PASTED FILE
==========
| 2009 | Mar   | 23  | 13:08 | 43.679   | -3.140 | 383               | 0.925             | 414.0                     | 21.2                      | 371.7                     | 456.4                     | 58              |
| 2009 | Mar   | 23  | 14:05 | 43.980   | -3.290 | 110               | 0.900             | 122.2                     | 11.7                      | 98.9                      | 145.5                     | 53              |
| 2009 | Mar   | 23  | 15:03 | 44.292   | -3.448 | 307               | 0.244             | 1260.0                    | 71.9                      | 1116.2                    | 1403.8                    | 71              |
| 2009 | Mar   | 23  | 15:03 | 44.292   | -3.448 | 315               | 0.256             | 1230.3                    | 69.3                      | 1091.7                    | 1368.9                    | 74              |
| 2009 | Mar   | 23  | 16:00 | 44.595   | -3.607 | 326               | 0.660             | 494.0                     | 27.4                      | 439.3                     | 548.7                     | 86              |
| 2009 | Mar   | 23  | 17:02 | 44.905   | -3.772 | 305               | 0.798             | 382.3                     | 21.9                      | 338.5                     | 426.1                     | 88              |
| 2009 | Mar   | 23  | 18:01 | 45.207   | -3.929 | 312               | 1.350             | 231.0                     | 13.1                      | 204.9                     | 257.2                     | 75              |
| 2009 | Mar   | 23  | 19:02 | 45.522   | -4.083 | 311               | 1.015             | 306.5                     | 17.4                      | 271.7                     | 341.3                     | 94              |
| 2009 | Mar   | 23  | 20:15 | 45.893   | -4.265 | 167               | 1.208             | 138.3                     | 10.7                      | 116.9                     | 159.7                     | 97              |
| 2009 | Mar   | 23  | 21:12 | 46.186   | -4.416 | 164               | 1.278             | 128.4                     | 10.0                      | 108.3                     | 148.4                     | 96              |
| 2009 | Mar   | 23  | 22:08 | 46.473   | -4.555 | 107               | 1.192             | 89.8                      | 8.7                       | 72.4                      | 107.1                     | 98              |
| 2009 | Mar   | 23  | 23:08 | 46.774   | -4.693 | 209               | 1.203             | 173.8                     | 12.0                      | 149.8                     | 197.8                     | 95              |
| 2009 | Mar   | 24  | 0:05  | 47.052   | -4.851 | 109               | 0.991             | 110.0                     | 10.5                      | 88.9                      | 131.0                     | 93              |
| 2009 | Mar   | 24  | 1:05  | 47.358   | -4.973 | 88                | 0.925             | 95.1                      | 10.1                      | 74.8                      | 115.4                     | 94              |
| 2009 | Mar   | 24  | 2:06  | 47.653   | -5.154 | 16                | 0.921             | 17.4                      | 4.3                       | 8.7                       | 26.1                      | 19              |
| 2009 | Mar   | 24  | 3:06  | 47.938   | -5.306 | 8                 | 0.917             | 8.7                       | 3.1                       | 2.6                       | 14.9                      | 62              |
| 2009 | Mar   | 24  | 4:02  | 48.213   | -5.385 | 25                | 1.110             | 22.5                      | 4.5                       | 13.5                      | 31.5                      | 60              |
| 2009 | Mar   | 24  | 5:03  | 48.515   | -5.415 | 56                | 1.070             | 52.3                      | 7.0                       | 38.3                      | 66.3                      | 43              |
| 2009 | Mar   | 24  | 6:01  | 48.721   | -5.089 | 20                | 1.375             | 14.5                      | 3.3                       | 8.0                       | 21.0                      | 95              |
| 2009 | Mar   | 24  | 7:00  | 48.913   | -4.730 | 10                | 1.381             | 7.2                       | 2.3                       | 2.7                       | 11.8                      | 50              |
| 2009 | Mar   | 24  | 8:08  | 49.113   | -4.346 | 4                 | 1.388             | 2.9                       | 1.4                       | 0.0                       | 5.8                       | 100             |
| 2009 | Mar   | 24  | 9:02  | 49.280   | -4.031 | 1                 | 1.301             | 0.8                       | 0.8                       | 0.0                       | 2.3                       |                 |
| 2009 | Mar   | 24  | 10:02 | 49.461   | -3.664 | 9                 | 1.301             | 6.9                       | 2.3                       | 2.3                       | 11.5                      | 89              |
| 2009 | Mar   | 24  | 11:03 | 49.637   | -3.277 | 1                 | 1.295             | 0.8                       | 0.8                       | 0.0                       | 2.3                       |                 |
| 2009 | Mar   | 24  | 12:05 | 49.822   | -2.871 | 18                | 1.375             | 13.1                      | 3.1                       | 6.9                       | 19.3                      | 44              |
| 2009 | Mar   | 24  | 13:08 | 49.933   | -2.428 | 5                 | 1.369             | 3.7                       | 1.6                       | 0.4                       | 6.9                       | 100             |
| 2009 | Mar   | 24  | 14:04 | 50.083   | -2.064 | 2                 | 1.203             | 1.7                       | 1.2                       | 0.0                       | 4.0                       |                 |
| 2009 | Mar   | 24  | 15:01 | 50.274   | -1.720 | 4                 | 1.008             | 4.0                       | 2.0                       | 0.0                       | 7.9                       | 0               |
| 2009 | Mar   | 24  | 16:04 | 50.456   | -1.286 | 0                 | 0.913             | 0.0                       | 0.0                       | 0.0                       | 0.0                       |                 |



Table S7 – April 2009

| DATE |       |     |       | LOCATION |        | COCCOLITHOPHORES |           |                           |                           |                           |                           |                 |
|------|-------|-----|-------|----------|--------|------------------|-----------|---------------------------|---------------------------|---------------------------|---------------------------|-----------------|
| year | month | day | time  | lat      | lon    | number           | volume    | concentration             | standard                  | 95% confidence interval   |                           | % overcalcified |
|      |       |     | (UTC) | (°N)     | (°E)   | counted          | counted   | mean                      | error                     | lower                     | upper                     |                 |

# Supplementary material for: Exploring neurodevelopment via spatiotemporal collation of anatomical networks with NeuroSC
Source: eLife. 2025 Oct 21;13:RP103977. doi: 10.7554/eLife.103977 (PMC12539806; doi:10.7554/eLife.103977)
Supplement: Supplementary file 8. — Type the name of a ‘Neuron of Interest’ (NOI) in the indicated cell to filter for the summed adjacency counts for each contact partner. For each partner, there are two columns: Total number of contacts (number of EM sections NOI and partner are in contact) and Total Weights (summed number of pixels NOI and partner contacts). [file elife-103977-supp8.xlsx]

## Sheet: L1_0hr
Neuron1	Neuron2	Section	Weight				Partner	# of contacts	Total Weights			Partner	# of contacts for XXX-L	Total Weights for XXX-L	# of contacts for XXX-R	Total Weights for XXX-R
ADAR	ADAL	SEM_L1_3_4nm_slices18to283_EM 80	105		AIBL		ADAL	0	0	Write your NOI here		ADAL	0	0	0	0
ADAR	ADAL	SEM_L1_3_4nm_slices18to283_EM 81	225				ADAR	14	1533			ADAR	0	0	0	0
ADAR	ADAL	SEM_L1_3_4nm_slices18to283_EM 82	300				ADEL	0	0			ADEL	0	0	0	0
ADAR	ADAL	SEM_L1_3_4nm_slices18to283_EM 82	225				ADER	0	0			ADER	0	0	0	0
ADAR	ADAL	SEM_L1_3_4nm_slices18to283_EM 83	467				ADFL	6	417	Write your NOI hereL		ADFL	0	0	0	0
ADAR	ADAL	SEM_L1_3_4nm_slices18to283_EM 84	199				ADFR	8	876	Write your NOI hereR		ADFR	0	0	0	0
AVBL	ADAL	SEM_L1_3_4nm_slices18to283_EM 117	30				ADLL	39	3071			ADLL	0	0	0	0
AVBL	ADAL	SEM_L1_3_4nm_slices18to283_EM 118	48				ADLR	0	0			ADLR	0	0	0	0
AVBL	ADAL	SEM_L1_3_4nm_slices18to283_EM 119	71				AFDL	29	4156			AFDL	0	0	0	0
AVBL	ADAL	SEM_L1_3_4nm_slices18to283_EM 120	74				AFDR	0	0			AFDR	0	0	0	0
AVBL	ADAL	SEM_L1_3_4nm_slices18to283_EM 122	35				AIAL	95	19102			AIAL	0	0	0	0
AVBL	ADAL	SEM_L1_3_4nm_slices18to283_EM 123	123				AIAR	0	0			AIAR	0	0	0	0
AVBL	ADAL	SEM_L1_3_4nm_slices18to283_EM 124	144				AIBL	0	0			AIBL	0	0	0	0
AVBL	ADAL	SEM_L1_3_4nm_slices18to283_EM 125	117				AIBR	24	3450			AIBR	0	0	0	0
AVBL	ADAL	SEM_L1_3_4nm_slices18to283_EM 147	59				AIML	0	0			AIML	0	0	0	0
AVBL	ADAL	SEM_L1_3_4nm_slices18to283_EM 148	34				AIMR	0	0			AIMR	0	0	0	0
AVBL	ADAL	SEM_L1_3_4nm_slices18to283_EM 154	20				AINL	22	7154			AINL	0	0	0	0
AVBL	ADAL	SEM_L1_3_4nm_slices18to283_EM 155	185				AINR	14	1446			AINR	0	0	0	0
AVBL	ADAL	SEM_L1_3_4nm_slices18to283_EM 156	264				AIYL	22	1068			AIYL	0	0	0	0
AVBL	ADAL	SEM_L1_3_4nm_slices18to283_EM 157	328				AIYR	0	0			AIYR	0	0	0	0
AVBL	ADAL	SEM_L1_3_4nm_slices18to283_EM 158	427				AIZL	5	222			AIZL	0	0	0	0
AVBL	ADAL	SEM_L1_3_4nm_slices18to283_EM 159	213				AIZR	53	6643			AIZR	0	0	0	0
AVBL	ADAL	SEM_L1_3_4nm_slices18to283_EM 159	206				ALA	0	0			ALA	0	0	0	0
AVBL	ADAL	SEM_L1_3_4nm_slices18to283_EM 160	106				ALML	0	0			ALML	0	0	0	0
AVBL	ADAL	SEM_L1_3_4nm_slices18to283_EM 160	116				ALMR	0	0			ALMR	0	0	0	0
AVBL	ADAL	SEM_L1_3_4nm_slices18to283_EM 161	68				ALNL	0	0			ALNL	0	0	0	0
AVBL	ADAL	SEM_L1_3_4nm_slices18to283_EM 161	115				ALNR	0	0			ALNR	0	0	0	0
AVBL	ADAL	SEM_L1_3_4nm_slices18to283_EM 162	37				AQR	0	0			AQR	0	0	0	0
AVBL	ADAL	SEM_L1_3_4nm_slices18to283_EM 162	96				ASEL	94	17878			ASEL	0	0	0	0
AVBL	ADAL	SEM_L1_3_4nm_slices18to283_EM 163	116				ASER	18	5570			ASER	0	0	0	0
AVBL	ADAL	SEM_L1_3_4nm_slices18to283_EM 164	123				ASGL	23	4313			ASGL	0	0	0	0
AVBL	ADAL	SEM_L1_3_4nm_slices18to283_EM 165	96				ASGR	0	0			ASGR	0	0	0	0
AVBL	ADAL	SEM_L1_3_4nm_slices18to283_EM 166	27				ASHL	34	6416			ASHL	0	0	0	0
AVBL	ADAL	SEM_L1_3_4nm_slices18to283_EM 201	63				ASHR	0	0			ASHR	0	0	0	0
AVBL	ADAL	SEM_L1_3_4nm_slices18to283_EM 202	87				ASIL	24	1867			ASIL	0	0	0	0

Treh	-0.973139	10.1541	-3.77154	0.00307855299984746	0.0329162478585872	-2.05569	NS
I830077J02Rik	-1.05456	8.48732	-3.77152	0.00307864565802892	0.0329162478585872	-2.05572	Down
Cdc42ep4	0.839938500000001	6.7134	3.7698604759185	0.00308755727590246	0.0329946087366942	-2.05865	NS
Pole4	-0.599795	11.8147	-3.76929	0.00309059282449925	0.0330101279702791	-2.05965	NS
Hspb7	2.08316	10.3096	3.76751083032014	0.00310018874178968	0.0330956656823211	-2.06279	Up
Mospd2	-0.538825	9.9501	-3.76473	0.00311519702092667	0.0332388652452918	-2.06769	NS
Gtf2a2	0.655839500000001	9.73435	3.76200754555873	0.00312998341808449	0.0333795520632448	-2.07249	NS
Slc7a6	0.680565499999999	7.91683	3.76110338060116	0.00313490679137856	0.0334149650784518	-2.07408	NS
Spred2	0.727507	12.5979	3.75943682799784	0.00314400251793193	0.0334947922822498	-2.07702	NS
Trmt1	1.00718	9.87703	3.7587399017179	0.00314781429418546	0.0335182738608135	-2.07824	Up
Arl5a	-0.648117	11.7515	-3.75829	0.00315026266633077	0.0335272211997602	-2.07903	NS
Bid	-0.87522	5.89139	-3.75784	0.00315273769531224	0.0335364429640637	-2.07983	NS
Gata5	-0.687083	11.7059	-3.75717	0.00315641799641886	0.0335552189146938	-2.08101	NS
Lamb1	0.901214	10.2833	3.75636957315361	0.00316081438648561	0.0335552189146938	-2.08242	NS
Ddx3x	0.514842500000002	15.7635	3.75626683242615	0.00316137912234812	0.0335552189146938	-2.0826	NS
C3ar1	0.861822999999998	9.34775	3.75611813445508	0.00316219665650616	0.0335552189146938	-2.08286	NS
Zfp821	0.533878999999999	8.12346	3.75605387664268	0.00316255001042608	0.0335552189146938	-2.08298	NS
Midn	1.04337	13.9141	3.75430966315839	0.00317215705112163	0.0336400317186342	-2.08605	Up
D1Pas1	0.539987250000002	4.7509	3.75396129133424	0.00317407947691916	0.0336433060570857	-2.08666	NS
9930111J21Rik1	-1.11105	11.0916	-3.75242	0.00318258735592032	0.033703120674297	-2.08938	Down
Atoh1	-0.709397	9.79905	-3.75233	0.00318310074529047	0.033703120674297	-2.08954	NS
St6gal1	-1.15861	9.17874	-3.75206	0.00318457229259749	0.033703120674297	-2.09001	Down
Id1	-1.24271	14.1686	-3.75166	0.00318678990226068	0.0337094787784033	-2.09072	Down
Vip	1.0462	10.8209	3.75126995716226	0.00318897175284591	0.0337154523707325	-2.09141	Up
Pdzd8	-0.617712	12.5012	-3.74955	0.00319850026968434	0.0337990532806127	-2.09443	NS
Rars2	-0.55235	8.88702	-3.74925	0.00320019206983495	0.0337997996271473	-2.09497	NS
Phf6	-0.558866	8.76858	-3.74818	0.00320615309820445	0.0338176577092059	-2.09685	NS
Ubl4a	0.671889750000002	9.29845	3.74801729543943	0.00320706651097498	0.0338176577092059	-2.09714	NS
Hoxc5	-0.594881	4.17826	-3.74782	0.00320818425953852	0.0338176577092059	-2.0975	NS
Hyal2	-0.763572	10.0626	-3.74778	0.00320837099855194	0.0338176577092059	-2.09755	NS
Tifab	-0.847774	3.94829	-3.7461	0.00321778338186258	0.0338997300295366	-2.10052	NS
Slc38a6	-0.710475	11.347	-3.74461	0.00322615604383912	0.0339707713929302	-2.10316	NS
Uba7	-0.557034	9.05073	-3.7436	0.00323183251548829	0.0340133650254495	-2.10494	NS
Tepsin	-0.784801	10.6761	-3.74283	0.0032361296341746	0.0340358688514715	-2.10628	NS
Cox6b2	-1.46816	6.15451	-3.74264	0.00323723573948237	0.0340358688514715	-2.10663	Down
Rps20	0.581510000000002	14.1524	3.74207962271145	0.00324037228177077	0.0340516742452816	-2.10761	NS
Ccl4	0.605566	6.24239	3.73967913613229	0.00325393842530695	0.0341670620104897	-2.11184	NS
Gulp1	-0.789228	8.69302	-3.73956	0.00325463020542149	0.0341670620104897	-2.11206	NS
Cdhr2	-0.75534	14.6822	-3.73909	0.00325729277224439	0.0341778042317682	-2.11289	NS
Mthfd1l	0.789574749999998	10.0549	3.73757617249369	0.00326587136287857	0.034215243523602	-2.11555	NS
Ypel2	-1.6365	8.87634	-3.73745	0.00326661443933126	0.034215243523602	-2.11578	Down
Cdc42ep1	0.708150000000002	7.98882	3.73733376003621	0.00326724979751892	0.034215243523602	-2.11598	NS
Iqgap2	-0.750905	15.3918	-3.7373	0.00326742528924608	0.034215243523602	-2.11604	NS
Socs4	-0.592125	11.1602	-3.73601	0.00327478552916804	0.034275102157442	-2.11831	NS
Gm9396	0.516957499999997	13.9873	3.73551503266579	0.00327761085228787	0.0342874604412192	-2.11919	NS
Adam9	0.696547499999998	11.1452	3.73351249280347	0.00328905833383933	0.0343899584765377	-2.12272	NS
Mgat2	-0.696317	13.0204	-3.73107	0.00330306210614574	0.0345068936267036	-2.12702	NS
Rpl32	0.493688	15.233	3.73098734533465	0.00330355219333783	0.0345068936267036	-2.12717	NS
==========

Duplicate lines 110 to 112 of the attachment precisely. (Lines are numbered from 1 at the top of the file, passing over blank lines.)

Rps20	0.581510000000002	14.1524	3.74207962271145	0.00324037228177077	0.0340516742452816	-2.10761	NS
Ccl4	0.605566	6.24239	3.73967913613229	0.00325393842530695	0.0341670620104897	-2.11184	NS
Gulp1	-0.789228	8.69302	-3.73956	0.00325463020542149	0.0341670620104897	-2.11206	NS